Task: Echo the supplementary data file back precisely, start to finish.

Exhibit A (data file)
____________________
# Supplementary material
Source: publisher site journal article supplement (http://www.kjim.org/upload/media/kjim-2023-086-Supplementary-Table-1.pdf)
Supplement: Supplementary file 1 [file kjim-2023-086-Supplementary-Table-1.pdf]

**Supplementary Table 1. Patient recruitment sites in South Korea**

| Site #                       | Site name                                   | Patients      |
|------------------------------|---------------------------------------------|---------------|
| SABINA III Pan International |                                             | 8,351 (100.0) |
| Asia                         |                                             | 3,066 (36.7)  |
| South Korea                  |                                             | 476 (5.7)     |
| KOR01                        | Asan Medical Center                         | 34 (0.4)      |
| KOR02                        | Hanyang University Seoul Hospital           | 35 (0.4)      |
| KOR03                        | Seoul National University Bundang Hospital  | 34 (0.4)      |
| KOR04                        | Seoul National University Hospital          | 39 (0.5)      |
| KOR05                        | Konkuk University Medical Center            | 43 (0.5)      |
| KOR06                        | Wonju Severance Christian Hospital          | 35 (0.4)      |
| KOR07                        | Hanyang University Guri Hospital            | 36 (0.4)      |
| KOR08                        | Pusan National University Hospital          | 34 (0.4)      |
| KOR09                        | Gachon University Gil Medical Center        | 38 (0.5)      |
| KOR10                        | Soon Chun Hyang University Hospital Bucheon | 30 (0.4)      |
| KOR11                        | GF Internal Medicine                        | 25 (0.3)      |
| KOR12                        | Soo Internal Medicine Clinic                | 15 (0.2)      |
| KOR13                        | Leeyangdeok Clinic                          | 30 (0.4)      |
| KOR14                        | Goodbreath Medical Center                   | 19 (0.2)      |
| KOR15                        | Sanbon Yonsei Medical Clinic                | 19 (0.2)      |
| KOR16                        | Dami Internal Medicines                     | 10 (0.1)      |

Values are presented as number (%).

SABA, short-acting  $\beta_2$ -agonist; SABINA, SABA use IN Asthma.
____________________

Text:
# Supplementary material
Source: publisher site journal article supplement (http://www.kjim.org/upload/media/kjim-2023-086-Supplementary-Table-1.pdf)
Supplement: Supplementary file 1 [file kjim-2023-086-Supplementary-Table-1.pdf]

**Supplementary Table 1. Patient recruitment sites in South Korea**

| Site #                       | Site name                                   | Patients      |
|------------------------------|---------------------------------------------|---------------|
| SABINA III Pan International |                                             | 8,351 (100.0) |
| Asia                         |                                             | 3,066 (36.7)  |
| South Korea                  |                                             | 476 (5.7)     |
| KOR01                        | Asan Medical Center                         | 34 (0.4)      |
| KOR02                        | Hanyang University Seoul Hospital           | 35 (0.4)      |
| KOR03                        | Seoul National University Bundang Hospital  | 34 (0.4)      |
| KOR04                        | Seoul National University Hospital          | 39 (0.5)      |
| KOR05                        | Konkuk University Medical Center            | 43 (0.5)      |
| KOR06                        | Wonju Severance Christian Hospital          | 35 (0.4)      |
| KOR07                        | Hanyang University Guri Hospital            | 36 (0.4)      |
| KOR08                        | Pusan National University Hospital          | 34 (0.4)      |
| KOR09                        | Gachon University Gil Medical Center        | 38 (0.5)      |
| KOR10                        | Soon Chun Hyang University Hospital Bucheon | 30 (0.4)      |
| KOR11                        | GF Internal Medicine                        | 25 (0.3)      |
| KOR12                        | Soo Internal Medicine Clinic                | 15 (0.2)      |
| KOR13                        | Leeyangdeok Clinic                          | 30 (0.4)      |
| KOR14                        | Goodbreath Medical Center                   | 19 (0.2)      |
| KOR15                        | Sanbon Yonsei Medical Clinic                | 19 (0.2)      |
| KOR16                        | Dami Internal Medicines                     | 10 (0.1)      |

Values are presented as number (%).

SABA, short-acting  $\beta_2$ -agonist; SABINA, SABA use IN Asthma.